The Deliberate Method of Viggo Mortensen as Sigmund Freud in ‘A Dangerous Method’

What do 21st century audiences really know about Sigmund Freud? There’s the cigar joke, the stuff about dreams and sex, the screw-your-mother-kill-your-father riff, and maybe a smattering of penis envy. But, I can’t help but wonder if our collective knowledge of this seminal thinker has become reduced to a few pop culture clichés and pseudo-scientific buzzwords?

Certainly this is the sense one gets when surveying his usual role in our entertainments – a favourite dream-sequence caricature, the pop “Freud” tends to step in, all imposing accent and stuffy intellect, to interpret a character’s situation and set them on a sunnier path before they awaken. What does he usually say? What wisdom does he impart? For the most part it’s a bunch of armchair psychology, metaphorical ramblings, and mystical mumbo jumbo about freeing the subconscious.

This is our Freud – a kind of mental medicine man who can see beyond our public face into the recesses of our darkened soul and tell us who we are. It’s all bullshit, of course, a fantastical reimagining of a man whose insights and approaches to the heretofore under-explored workings of the human mind largely underwrote the work of the great thinkers of the twentieth century (in ways both good and not so). But, as far as stock characters go, he sure makes an attractive one for writers because when they bring the old Viennese shrink into the scene they get to expose deeper truths through pithy symbol-interpretation rather than through regular old exposition. Plus, they usually get to make a cigar/penis joke, so there’s that.

All of which helps to foreground why one finds Viggo Mortsensen’s complex and rewarding take on Sigmund Freud in David Cronenberg’s A Dangerous Method so bracing. Gone are the expected gestures of a thousand comic strip banalities, the over-the-top absurdities of countless trite pop cultural visions of the man and his work. In their place we find a brilliant, deeply thoughtful, and powerfully restrained man very much of his just-post Victorian time. Languid of speech and careful of tone, Mortensen’s Freud is both comforting and frustrating, caught between his conviction that the science of the mind is a crucial arena for study and the knowledge that what he has found there is likely to prove too controversial for the general public. He is cautious and yet righteous, evangelical and yet circumspect. It’s a wondrous creation, and among the shiniest moments of Mortensen’s already impressively brilliant career.

A longtime supporting player in Hollywood, Mortensen became an overnight A-lister with his darkly sexy portrayal of the Ranger Aragorn in Peter Jackson’s Lord of the Rings trilogy. But, it was with his turn to smaller, more intimate films in subsequent years that has cemented his reputation as a leading man. Most notably of these are his two (and now three) collaborations with David Cronenberg, first in 2005’s A History of Violence and then in 2007’s Eastern Promises. Now, with his superb work in A Dangerous Method it seems that Mortensen has truly emerged as the Canadian master director’s go-to lead. Over a cup of yerba maté at the Toronto International Film Festival, I had a chance to chat with the Danish-American actor about his method, his relationship with Cronenberg, and his thoughts on the great Viennese doctor.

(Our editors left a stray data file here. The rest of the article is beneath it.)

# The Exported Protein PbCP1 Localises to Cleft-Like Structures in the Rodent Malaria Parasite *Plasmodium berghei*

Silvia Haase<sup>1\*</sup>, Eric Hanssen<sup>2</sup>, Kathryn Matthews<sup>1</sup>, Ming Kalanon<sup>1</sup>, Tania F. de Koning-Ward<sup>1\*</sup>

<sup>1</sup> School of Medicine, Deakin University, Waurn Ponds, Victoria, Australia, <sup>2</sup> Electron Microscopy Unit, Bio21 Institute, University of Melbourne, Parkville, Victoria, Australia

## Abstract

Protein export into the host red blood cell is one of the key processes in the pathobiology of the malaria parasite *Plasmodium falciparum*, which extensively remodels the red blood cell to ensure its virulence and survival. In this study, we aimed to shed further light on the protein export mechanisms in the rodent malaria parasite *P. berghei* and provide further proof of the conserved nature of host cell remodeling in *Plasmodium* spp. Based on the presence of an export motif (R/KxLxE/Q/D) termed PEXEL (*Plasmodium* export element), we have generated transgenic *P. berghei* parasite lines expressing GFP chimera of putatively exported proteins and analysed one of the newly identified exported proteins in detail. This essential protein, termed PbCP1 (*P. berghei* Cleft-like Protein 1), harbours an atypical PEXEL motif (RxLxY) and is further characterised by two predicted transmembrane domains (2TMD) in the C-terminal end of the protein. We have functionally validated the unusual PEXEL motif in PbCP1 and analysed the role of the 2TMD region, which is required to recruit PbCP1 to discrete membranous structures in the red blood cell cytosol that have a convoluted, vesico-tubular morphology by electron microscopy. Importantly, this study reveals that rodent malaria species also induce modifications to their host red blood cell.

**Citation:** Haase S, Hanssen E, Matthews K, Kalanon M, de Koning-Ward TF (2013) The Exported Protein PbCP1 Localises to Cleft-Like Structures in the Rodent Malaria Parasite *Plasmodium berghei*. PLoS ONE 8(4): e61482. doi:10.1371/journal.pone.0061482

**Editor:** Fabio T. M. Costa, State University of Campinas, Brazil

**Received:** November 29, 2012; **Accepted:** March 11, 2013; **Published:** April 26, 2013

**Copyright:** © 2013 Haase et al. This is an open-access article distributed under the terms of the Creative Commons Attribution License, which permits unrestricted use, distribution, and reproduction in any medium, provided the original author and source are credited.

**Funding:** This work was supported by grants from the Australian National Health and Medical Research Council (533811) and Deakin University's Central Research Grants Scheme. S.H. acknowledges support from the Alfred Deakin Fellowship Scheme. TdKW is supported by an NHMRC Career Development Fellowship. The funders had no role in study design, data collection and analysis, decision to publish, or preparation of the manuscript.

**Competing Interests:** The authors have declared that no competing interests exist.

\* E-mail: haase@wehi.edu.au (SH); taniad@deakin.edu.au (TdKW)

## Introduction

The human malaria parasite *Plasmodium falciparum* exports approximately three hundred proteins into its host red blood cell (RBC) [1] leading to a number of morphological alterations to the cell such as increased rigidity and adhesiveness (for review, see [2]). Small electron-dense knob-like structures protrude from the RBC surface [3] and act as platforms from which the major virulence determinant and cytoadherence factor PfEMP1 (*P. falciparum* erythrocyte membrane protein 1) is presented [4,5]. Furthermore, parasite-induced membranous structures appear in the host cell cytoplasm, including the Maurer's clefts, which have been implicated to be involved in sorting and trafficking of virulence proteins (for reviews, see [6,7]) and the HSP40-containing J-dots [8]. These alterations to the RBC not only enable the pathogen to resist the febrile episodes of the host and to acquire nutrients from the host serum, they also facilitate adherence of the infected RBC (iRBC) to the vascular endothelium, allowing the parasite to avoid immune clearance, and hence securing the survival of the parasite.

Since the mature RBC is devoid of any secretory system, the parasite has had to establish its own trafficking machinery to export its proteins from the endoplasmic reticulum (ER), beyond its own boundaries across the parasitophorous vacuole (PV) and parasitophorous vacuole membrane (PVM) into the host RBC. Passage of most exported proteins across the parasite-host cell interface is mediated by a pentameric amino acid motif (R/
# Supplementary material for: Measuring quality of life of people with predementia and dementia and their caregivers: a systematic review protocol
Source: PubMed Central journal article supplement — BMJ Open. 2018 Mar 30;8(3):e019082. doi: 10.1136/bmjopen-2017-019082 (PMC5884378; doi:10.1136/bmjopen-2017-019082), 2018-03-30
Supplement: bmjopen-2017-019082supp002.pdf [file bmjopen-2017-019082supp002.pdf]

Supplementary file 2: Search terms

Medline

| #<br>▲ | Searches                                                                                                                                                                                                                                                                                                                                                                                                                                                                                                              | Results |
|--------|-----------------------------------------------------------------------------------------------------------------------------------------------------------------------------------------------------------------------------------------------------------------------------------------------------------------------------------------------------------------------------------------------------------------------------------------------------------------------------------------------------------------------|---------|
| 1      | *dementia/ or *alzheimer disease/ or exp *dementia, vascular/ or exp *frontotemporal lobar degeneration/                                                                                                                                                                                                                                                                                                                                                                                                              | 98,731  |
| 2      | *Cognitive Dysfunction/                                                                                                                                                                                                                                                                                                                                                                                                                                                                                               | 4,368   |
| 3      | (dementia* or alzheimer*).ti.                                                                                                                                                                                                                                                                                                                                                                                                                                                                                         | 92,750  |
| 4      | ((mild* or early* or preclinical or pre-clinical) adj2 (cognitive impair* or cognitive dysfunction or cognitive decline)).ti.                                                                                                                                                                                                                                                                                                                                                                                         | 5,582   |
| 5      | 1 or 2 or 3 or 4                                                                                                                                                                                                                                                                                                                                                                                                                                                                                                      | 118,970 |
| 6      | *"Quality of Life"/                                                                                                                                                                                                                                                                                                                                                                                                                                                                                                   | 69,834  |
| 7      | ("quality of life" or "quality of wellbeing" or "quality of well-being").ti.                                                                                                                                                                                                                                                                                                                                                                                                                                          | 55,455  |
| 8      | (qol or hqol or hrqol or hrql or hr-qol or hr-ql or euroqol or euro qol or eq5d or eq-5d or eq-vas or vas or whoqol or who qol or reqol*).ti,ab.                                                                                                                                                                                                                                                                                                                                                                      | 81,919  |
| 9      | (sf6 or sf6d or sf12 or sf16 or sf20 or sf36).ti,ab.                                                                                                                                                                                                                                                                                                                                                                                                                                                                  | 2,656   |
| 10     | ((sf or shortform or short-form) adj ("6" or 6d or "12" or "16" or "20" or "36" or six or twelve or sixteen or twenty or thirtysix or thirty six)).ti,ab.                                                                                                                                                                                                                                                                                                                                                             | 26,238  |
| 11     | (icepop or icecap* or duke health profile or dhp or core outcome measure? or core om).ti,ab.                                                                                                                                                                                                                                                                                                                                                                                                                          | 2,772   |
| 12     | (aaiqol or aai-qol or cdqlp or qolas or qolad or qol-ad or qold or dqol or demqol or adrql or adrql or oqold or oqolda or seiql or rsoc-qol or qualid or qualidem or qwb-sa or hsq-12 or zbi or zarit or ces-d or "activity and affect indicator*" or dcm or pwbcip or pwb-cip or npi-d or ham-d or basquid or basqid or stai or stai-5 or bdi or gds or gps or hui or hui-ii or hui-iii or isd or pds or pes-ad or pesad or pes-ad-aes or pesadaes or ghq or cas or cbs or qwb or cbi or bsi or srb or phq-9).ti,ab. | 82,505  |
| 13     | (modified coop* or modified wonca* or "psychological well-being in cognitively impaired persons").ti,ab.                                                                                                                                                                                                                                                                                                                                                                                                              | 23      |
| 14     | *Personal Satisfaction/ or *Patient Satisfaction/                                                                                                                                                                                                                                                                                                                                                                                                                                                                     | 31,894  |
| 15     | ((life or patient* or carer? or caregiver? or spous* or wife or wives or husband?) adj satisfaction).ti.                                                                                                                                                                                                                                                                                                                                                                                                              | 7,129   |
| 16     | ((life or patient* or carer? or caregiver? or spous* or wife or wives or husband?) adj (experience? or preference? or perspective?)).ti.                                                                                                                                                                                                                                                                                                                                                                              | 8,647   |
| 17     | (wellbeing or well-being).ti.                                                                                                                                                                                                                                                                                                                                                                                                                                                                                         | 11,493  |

“The thing I really liked, as I got used to the language, was having a character that spoke this much. I usually don’t get to play characters like that. Usually the characters I play (including for David [Cronenberg]) are men of few words who communicate largely in nonverbal ways.” And it’s true that Mortensen’s Freud is a talker; although it’s more that he is a teacher, a wise elder in his scenes with the fledgling Carl Jung (Michael Fassbender). “As soon as I started researching I understood what he was saying and I started to get into a groove,” he explains, “especially as far as the character’s sense of humour.”

But before the research – which Mortensen dove into, pouring through acres of Freud’s writing, critical discussions of his work, and bios of the other principal characters in the film – he had to be convinced that he could even fit this part. “Well [Cronenberg] was in a jam. It was just last, not totally last minute, but pretty late in the pre-production. The actor that was supposed to play Sigmund Freud [Christoph Waltz] decided to do another movie so they had to recast. Fortunately I was available.” (This is the friendly way of saying that Waltz backed out at the 11th hour, and there was a mighty scramble to secure a player for this crucial role.)